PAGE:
Software Saves Grand Rapids $1 Billion

Data from flowmeters helped city officials verify a hunch that sewer issues weren’t as bad as models indicated.

Software Saves Grand Rapids $1 Billion

The Grand River in Grand Rapids, Michigan, was in bad shape years ago from sewer overflows caused by excess inflow and infiltration. A robust network of flow meters and rain gauges analyzed by a BLU-X Intelligent Urban Watershed platform has helped clean up the problems.

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By using sensors to collect real-time data about the performance of sanitary sewers and a specialized software program to analyze the intel, the city of Grand Rapids, Michigan, avoided an estimated $1 billion worth of system upgrades that reports indicated would be needed to ensure compliance with state mandates.

The data was collected by a network of 90 flowmeters and 10 rain gauges deployed around the city in 2013 and analyzed by a BLU-X Intelligent Urban Watershed platform from Xylem Digital Solutions. The upshot? The infiltration and inflow problems could instead be solved for between $30 million to $50 million, says Nicole Pasch, the acting assistant environmental services manager for the city’s Environmental Services Department.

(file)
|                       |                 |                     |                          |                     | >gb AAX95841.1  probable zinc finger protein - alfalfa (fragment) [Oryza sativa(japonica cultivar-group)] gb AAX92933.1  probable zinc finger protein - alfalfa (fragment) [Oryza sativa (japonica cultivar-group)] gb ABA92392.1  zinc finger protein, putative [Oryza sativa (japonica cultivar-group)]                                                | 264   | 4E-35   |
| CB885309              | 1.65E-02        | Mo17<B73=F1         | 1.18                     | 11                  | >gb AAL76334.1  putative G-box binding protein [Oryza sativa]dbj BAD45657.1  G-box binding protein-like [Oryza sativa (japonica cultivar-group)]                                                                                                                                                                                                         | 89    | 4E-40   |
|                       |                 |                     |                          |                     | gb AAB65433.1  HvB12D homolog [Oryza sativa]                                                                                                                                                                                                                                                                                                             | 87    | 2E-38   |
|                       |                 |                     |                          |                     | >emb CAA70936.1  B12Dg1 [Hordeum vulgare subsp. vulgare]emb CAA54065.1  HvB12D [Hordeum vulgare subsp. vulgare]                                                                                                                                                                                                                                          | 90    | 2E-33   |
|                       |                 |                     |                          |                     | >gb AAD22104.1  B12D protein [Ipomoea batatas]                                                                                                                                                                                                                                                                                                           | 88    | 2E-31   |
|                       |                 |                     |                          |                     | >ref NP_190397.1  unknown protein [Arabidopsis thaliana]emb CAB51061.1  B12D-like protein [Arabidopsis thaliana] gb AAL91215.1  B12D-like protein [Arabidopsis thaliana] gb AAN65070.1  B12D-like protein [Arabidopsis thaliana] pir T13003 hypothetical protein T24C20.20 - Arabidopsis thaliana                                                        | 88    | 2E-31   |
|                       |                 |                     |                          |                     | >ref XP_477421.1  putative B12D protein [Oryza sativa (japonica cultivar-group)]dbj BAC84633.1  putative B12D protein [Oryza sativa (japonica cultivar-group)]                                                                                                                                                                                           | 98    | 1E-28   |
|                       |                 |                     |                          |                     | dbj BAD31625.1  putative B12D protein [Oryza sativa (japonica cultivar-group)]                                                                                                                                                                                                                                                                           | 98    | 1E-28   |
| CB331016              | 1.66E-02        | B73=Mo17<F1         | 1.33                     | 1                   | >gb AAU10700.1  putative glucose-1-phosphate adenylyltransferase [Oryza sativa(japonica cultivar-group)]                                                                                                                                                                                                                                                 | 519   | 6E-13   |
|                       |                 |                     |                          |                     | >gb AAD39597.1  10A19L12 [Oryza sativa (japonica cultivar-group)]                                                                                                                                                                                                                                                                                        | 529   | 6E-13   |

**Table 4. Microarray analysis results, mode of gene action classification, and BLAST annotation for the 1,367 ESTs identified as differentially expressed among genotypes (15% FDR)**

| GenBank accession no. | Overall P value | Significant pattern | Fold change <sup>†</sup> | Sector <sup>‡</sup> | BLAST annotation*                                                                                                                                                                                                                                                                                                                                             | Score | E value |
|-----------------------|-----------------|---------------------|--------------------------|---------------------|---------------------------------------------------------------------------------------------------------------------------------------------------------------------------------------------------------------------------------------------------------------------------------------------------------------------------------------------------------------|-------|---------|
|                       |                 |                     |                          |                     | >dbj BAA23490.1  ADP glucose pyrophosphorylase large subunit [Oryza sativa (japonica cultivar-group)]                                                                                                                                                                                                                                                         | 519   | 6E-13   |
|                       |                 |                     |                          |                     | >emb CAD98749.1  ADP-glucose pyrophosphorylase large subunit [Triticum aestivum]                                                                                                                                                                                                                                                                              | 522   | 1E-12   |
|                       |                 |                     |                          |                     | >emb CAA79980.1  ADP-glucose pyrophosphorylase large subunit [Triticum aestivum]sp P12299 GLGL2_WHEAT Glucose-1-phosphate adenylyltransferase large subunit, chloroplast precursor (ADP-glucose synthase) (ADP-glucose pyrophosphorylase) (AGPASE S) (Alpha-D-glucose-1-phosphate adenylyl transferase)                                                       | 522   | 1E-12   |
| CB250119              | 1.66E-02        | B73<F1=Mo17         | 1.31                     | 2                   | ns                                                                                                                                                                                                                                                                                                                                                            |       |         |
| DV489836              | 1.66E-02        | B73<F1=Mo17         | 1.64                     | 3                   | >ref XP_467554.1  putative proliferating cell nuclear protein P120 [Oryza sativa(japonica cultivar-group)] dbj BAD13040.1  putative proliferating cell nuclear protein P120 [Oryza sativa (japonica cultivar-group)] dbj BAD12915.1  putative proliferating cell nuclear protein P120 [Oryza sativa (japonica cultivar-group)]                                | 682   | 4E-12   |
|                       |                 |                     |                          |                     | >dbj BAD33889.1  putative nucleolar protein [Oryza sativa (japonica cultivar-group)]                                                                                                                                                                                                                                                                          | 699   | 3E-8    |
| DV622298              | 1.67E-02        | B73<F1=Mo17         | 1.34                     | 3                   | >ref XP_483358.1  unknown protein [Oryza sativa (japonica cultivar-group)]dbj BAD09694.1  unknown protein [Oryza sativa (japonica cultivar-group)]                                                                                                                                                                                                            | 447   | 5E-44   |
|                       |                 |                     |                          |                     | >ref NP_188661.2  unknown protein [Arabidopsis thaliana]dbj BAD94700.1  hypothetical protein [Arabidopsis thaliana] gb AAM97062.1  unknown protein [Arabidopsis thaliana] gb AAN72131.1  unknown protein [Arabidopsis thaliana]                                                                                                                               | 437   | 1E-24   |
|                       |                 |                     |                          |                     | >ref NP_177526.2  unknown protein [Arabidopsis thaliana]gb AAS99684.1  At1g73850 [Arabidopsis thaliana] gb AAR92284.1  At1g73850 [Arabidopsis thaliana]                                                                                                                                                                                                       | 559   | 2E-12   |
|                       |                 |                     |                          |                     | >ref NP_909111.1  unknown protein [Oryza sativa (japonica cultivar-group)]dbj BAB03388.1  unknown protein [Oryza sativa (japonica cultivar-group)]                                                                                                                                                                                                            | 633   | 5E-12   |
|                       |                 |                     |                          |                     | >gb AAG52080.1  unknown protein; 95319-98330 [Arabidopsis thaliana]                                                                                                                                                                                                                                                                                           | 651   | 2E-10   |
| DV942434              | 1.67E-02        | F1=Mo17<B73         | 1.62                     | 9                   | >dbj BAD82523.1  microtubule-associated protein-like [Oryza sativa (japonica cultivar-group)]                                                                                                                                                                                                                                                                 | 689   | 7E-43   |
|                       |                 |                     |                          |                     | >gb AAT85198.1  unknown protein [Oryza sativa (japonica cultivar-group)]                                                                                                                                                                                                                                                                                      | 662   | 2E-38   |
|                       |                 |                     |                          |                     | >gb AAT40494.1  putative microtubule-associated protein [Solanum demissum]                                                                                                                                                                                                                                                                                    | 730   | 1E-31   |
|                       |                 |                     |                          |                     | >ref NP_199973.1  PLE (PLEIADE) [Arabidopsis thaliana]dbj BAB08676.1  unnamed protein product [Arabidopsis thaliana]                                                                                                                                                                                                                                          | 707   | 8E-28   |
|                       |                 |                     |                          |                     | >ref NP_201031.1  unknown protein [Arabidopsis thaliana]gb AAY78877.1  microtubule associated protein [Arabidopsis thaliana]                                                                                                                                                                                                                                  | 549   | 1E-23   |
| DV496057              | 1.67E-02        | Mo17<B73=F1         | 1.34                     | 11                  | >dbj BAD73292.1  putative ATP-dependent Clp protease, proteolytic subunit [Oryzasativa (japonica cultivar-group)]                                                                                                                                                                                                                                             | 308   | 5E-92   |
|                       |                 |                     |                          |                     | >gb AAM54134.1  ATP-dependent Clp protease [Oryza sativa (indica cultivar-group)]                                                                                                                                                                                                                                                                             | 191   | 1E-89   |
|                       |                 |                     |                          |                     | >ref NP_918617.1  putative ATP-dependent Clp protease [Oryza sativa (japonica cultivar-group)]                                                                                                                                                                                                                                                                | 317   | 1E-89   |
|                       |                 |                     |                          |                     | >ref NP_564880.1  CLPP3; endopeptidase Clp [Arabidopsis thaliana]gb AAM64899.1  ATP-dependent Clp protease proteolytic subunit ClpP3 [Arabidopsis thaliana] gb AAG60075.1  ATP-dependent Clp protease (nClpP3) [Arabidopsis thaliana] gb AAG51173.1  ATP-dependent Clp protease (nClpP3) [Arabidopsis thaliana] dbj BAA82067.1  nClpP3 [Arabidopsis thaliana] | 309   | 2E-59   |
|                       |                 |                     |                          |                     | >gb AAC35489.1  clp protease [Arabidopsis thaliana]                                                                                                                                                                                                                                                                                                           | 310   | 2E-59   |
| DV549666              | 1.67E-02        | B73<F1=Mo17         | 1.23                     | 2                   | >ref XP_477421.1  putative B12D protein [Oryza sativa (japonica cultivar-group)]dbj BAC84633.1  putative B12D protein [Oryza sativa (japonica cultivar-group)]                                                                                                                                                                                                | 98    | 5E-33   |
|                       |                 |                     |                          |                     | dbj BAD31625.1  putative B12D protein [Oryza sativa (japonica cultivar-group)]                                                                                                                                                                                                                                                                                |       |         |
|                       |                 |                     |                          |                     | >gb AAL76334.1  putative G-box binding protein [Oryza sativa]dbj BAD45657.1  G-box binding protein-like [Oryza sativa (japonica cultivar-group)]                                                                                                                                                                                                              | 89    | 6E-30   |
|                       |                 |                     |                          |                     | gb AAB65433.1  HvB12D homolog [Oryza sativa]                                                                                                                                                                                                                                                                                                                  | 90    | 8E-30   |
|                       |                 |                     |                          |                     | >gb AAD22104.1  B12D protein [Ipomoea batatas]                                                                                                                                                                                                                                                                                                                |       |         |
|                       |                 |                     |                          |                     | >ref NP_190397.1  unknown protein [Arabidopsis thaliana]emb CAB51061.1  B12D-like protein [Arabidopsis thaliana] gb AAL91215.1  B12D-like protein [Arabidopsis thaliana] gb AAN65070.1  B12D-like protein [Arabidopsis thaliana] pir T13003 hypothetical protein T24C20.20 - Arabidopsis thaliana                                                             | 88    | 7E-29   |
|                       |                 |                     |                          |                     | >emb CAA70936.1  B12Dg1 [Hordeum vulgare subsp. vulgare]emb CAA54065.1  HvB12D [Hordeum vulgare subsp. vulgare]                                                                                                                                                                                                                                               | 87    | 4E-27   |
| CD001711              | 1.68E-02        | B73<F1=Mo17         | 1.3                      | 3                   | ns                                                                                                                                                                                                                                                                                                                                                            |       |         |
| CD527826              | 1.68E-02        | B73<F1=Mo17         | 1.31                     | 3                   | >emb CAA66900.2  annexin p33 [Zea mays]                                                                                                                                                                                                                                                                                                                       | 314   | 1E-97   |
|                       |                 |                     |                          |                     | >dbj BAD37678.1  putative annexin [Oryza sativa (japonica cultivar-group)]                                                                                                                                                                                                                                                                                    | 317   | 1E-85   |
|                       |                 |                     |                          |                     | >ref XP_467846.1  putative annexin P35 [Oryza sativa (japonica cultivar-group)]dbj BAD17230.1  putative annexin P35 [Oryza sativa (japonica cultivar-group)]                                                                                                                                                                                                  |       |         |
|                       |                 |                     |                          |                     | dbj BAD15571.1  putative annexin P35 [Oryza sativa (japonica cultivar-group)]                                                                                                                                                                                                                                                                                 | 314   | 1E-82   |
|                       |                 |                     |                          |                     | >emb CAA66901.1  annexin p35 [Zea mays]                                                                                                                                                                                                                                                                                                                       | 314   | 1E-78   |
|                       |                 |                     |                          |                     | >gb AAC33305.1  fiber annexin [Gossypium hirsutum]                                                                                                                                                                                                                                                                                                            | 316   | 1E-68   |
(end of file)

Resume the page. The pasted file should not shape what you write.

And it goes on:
“The real-time sensors turned on the lights,” Pasch says. “We used the technology to clarify and prove things. It was risky to spend $2 million to deploy flowmeters out there, but if we hadn’t, it would’ve affected the affordability of our water and sewer services in a very negative way.”

The city’s journey to using the sensors and the analytical software actually started back in 1991. That’s when Grand Rapids embarked on a 27-year-long, roughly $400 million endeavor to convert its 100-year-old combined sewers into separate stormwater and sanitary sewers. Overall, the city installed about 119 miles of new storm and sanitary sewer lines in a 4.7-square-mile area and separated 99.5% of the old combined sewer network.